Open Access

H p -Boundedness of Weyl multipliers

Journal of Inequalities and Applications20142014:422

https://doi.org/10.1186/1029-242X-2014-422

Received: 16 April 2014

Accepted: 13 October 2014

Published: 21 October 2014

Abstract

In this paper, we will define Hardy spaces H p ( C n ) associated with twisted convolution operators and give the atomic decomposition of H p ( C n ) , where 2 n 2 n + 1 < p 1 . Then we consider the boundedness of the Weyl multiplier on H p ( C n ) .

MSC:42B30, 42B25, 42B35.

Keywords

Hardy space twisted convolution Weyl multiplier square function

1 Introduction

The ‘twisted translation’ τ w on C n is defined on measurable functions by
( τ w f ) ( z ) = exp ( 1 2 j = 1 n ( w j z j + w ¯ j z ¯ j ) ) f ( z ) = f ( z + w ) exp ( i 2 Im ( z w ¯ ) )
and the ‘twisted convolution’ of two functions f and g on C n can be defined as
( f × g ) ( z ) = C n f ( w ) τ w g ( z ) d w = C n f ( z w ) g ( w ) ω ¯ ( z , w ) d w ,

where ω ( z , w ) = exp ( i 2 Im ( z w ¯ ) ) .

In order to define the space H p ( C n ) associated with ‘twisted convolution’, we first define the following version maximal operator in terms of twisted convolutions.

Let B = { φ C ( C n ) : supp φ B ( 0 , 1 ) , φ 1 , φ 2 } , and for t > 0 , φ t ( z ) = t 2 n φ ( z t ) . Given σ ( 0 , + ] and a tempered distribution f, define the grand maximal function
M σ f ( z ) = sup φ B , 0 < t < σ | φ t × f ( z ) | ,
(1)

where B ( 0 , 1 ) = { z C n : | z | < 1 } .

Definition 1 Let f be a tempered distribution on C n and 2 n 2 n + 1 < p 1 , we say that f belongs to the Hardy space H p ( C n ) if and only if the grand maximal function
M σ f ( z ) = sup φ B , 0 < t < σ | φ t × f ( z ) |

lies in L p ( C n ) , that is, H p ( C n ) = { f S ( C n ) : M σ f L p } , where S ( C n ) denotes the Schwartz space. We set f H p = M σ f L p .

Remark 1 From Theorem A in [1], we know that for some σ, 0 < σ < , M σ f L p if and only if M f L p , when 2 n 2 n + 1 < p 1 , so the H p also can be defined as { f S ( C n ) : M f L p } , where 2 n 2 n + 1 < p 1 . The case of p = 1 has been considered in [1].

Let 2 n 2 n + 1 < p 1 , an atom for H p ( C n ) centered at z C n is a function a ( z ) which satisfies:
  • ( 1 ) supp a ? B ( z , r ) , ( 2 ) ? a ? 8 = ( 2 r ) - 2 n p , ( 3 ) ? a ( w ) ? ¯ ( z , w ) d w = 0 .
The atomic norm of f can be defined as
f atom = inf { ( j = 1 | λ j | p ) 1 p : f = λ j a j } ,

where the infimum is taken over all decompositions of f = λ j a j in the sense of S ( C n ) and a j are atoms.

In this paper, we will first give the atomic decomposition of H p ( C n ) as follows.

Theorem 1 Let f S ( C n ) and 2 n 2 n + 1 < p 1 , then f H p ( C n ) if and only if f = λ j a j , where a j are atoms. Moreover, f H p f atom .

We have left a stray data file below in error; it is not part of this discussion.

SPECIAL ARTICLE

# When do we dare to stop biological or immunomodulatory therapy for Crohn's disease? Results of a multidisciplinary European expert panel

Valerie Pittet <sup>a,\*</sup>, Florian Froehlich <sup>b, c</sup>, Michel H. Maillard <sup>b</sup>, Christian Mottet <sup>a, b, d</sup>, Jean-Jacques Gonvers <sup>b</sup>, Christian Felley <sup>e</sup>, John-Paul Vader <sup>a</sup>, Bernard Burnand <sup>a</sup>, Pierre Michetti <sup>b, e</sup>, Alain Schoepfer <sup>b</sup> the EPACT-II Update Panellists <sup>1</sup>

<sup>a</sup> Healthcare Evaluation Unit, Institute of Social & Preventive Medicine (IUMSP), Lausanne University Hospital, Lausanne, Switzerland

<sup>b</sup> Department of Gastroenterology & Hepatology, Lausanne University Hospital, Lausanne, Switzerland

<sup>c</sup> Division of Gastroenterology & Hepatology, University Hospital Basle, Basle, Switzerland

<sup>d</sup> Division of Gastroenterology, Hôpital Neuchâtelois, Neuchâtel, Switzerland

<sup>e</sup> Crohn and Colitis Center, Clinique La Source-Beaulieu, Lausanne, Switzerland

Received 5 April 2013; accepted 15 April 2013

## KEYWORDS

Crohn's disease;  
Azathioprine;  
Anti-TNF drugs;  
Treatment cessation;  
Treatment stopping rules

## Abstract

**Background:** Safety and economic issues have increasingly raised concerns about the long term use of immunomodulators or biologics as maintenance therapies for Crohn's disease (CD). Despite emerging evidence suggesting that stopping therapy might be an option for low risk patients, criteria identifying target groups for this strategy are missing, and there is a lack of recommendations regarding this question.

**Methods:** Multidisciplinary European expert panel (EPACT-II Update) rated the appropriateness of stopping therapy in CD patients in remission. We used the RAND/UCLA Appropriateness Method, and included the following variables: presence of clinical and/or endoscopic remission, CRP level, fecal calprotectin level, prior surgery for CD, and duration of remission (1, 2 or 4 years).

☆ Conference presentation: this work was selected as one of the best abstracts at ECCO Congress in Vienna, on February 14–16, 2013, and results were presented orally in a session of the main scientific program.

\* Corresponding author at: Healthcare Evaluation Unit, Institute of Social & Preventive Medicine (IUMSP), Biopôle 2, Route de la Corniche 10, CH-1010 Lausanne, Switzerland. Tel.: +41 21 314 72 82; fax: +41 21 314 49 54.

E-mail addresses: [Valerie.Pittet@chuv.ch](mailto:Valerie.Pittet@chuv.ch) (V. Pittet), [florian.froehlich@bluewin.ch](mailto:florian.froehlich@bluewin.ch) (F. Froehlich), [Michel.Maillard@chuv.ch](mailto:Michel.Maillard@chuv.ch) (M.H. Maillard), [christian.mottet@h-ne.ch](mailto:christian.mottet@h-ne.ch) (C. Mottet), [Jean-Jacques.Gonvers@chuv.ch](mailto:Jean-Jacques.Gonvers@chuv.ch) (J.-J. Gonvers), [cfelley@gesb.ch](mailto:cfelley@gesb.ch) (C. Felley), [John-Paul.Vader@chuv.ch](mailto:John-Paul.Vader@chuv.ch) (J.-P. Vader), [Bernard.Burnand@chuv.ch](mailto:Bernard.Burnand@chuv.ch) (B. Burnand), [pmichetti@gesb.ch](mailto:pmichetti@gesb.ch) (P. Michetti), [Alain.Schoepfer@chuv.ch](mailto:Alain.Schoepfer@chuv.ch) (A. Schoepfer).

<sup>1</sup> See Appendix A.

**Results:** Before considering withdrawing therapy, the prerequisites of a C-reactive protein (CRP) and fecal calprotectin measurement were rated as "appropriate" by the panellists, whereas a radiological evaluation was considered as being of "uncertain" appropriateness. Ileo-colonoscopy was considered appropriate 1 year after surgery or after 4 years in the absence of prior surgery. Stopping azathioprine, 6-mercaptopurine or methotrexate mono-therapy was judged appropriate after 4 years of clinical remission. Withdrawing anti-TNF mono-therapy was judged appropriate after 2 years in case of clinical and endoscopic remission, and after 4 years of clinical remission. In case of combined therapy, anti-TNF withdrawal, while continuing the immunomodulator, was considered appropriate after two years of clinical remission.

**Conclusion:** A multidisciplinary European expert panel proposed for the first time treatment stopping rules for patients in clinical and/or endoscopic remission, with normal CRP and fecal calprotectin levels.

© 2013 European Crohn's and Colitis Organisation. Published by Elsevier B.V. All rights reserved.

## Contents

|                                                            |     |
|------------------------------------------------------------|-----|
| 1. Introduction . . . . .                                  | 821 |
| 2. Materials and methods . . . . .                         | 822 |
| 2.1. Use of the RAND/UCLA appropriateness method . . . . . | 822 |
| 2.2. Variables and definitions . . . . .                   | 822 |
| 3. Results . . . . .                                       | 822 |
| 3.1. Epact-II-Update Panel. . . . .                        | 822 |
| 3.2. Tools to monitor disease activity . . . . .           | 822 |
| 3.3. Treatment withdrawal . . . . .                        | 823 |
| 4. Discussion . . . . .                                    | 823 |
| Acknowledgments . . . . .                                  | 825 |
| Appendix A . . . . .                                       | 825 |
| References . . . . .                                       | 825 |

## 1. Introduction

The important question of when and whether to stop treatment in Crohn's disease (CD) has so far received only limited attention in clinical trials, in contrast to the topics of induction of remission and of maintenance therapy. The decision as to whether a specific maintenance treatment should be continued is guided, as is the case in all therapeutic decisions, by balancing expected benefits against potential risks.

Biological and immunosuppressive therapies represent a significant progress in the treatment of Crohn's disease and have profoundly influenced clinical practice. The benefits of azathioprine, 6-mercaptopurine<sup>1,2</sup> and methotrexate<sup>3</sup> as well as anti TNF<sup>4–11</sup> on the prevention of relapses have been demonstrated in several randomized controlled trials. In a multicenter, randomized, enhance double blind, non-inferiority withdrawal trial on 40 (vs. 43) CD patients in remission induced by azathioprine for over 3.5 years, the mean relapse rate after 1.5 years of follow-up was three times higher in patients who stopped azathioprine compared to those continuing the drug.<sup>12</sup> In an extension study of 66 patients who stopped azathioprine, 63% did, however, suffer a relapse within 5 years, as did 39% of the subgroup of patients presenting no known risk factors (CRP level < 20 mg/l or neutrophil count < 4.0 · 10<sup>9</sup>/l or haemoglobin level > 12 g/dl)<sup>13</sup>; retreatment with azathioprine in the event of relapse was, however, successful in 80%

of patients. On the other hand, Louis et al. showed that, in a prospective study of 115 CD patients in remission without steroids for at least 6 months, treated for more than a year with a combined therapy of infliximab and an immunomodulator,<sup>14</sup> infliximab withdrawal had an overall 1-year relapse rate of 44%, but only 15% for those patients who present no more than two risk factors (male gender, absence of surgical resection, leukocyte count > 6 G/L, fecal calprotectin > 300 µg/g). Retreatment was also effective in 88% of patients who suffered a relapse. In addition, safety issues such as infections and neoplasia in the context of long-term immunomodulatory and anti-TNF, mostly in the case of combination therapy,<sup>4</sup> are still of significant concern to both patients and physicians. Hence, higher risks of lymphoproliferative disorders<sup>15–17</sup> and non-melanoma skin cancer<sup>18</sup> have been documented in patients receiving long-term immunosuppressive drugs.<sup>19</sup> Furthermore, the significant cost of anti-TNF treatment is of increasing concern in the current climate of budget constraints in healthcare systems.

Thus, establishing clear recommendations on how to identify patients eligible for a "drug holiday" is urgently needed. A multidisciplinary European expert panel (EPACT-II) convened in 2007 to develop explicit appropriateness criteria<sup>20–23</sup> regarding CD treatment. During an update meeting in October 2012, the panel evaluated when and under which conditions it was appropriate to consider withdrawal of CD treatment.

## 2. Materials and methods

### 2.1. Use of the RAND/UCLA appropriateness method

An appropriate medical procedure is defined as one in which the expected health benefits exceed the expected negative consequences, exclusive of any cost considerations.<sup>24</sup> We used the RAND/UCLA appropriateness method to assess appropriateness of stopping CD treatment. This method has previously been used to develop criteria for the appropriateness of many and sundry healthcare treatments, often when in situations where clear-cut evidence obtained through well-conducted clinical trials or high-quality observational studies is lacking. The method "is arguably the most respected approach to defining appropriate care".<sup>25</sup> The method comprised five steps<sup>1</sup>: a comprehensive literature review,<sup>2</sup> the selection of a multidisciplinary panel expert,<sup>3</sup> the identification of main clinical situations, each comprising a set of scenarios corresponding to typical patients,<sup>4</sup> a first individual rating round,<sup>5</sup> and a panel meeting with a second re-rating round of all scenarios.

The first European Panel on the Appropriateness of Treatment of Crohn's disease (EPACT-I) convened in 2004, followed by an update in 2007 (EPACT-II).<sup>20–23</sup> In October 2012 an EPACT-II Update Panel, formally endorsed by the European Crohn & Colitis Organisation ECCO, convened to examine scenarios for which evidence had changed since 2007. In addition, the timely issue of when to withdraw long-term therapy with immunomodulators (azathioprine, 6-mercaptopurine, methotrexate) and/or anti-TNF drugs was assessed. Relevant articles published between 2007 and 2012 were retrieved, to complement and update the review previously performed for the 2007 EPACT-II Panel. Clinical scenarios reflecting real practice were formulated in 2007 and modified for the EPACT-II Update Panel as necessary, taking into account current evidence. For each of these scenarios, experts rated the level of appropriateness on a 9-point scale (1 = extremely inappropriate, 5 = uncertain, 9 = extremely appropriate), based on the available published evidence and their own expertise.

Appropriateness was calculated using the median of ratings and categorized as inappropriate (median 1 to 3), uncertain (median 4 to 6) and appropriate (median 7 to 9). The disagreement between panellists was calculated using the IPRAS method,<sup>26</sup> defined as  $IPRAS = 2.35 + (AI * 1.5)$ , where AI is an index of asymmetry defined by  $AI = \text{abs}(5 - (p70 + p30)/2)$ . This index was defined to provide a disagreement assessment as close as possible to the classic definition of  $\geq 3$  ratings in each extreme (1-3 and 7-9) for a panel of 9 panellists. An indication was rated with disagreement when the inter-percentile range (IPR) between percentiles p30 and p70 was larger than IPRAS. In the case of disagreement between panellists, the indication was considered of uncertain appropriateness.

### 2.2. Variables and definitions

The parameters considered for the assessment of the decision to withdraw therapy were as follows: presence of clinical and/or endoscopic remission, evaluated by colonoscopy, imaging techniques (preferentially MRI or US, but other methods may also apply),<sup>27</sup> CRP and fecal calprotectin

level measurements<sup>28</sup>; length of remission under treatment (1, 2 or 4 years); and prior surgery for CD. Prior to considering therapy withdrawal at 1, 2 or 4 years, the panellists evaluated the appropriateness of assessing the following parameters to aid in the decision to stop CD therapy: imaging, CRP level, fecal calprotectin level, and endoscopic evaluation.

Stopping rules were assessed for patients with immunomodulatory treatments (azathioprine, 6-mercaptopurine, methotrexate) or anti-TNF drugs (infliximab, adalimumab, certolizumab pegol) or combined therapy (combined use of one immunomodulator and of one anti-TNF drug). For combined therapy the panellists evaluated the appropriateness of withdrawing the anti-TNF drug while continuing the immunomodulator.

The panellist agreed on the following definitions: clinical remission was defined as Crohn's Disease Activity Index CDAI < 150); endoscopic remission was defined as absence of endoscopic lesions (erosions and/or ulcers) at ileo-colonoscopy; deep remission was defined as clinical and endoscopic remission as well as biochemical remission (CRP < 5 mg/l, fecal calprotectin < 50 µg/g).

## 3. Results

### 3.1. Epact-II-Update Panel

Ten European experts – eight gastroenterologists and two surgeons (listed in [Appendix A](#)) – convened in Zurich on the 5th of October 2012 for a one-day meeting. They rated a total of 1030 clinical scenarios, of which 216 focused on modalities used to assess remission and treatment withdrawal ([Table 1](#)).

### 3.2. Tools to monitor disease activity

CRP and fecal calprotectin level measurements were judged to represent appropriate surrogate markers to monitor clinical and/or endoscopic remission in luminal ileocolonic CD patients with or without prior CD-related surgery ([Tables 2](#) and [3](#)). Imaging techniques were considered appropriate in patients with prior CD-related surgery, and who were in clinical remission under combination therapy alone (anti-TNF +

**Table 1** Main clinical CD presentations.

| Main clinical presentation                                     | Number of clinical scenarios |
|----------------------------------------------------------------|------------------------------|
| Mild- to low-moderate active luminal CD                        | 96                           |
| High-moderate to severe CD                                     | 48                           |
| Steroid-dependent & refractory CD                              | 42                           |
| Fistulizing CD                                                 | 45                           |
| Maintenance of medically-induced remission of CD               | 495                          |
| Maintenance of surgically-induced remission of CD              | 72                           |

Remark 2 The case p = 1 has been proved in [1], so we will consider the case 2 n 2 n + 1 < p < 1 in this paper.

The boundedness of the Weyl multiplier has been considered by many authors (cf. [2] and [3]). In this paper, we will consider the boundedness of the Weyl multiplier on H p ( C n ) . We first give some notations for Weyl multipliers. On C n consider the 2n linear differential operators
Z j = z j + 1 4 z ¯ j , Z ¯ j = z ¯ j 1 4 z j , j = 1 , 2 , , n .
(2)
Together with the identity they generate a Lie algebra h n which is isomorphic to the 2 n + 1 dimensional Heisenberg algebra. The only nontrivial commutation relations are
[ Z j , Z ¯ j ] = 1 2 I , j = 1 , 2 , , n .
(3)
The operator L defined by
L = 1 2 j = 1 n ( Z j Z ¯ j + Z ¯ j Z j )
is nonnegative, self-adjoint, and elliptic. Therefore it generates a diffusion semigroup { T t L } t > 0 = { e t L } t > 0 . There exists an irreducible projective representation W of C n into a separable Hilbert space H W such that
W ( z + v ) = ω ( z , v ) W ( z ) W ( v ) .
Given a function f in L 1 ( C n ) its Weyl transform τ ( f ) is a bounded operator on H W defined by
τ ( f ) = C n f ( z ) W ( z ) d z .
(4)
Let H = Δ + | x | 2 be the Hermite operator, then we have τ ( L f ) = τ ( f ) H or more generally
τ ( ϕ ( L ) f ) = τ ( f ) ϕ ( H ) .
(5)
We say that a bounded operator M on L 2 ( R n ) is a Weyl multiplier on L p ( R n ) if the operator T M initially defined on L 1 L p by
τ ( T M f ) = τ ( f ) M

extends to a bounded operator on L p ( C n ) . In [4], the author considered multipliers of the form ϕ ( H ) and proved the L p -boundedness of ϕ ( H ) .

In this paper, we will prove the following.

Theorem 2 Let
Δ + ϕ ( N ) = ϕ ( N + 1 ) ϕ ( N ) and Δ ϕ ( N ) = ϕ ( N ) ϕ ( N + 1 ) .
Suppose that the function ϕ satisfies
| Δ k Δ + m ϕ ( N ) | C N ( k + m )
(6)

with k, m positive integers such that k + m = 0 , 1 , , ν , where ν = n + 1 when n is odd and ν = n + 2 when n is even. Then ϕ ( H ) is a Weyl multiplier on H p ( C n ) , where 2 n 2 n + 1 < p 1 .

Remark 3 The case p = 1 has been proved in [3].